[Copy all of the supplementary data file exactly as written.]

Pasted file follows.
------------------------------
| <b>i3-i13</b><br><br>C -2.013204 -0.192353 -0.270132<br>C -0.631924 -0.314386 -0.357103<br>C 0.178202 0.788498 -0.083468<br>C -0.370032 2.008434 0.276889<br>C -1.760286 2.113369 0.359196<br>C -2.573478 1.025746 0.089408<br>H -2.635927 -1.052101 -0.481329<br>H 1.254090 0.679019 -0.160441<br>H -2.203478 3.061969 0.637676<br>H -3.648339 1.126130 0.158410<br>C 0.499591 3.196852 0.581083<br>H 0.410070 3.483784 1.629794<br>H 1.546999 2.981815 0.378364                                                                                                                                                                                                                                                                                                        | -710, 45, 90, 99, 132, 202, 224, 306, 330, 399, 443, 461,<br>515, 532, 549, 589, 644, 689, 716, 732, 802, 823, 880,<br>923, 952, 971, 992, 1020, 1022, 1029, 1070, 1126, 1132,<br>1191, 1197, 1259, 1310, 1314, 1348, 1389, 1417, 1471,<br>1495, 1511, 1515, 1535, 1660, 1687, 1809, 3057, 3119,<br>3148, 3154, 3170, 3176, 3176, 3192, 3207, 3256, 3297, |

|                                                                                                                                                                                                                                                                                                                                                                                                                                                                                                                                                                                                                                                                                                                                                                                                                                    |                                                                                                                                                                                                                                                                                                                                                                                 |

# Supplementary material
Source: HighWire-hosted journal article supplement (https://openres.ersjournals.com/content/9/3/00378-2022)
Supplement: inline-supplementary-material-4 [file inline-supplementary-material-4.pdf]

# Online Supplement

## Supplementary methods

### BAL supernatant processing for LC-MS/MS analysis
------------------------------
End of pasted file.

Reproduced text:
| <b>i3-i13</b><br><br>C -2.013204 -0.192353 -0.270132<br>C -0.631924 -0.314386 -0.357103<br>C 0.178202 0.788498 -0.083468<br>C -0.370032 2.008434 0.276889<br>C -1.760286 2.113369 0.359196<br>C -2.573478 1.025746 0.089408<br>H -2.635927 -1.052101 -0.481329<br>H 1.254090 0.679019 -0.160441<br>H -2.203478 3.061969 0.637676<br>H -3.648339 1.126130 0.158410<br>C 0.499591 3.196852 0.581083<br>H 0.410070 3.483784 1.629794<br>H 1.546999 2.981815 0.378364                                                                                                                                                                                                                                                                                                        | -710, 45, 90, 99, 132, 202, 224, 306, 330, 399, 443, 461,<br>515, 532, 549, 589, 644, 689, 716, 732, 802, 823, 880,<br>923, 952, 971, 992, 1020, 1022, 1029, 1070, 1126, 1132,<br>1191, 1197, 1259, 1310, 1314, 1348, 1389, 1417, 1471,<br>1495, 1511, 1515, 1535, 1660, 1687, 1809, 3057, 3119,<br>3148, 3154, 3170, 3176, 3176, 3192, 3207, 3256, 3297, |

|                                                                                                                                                                                                                                                                                                                                                                                                                                                                                                                                                                                                                                                                                                                                                                                                                                    |                                                                                                                                                                                                                                                                                                                                                                                 |

# Supplementary material
Source: HighWire-hosted journal article supplement (https://openres.ersjournals.com/content/9/3/00378-2022)
Supplement: inline-supplementary-material-4 [file inline-supplementary-material-4.pdf]

# Online Supplement

## Supplementary methods

### BAL supernatant processing for LC-MS/MS analysis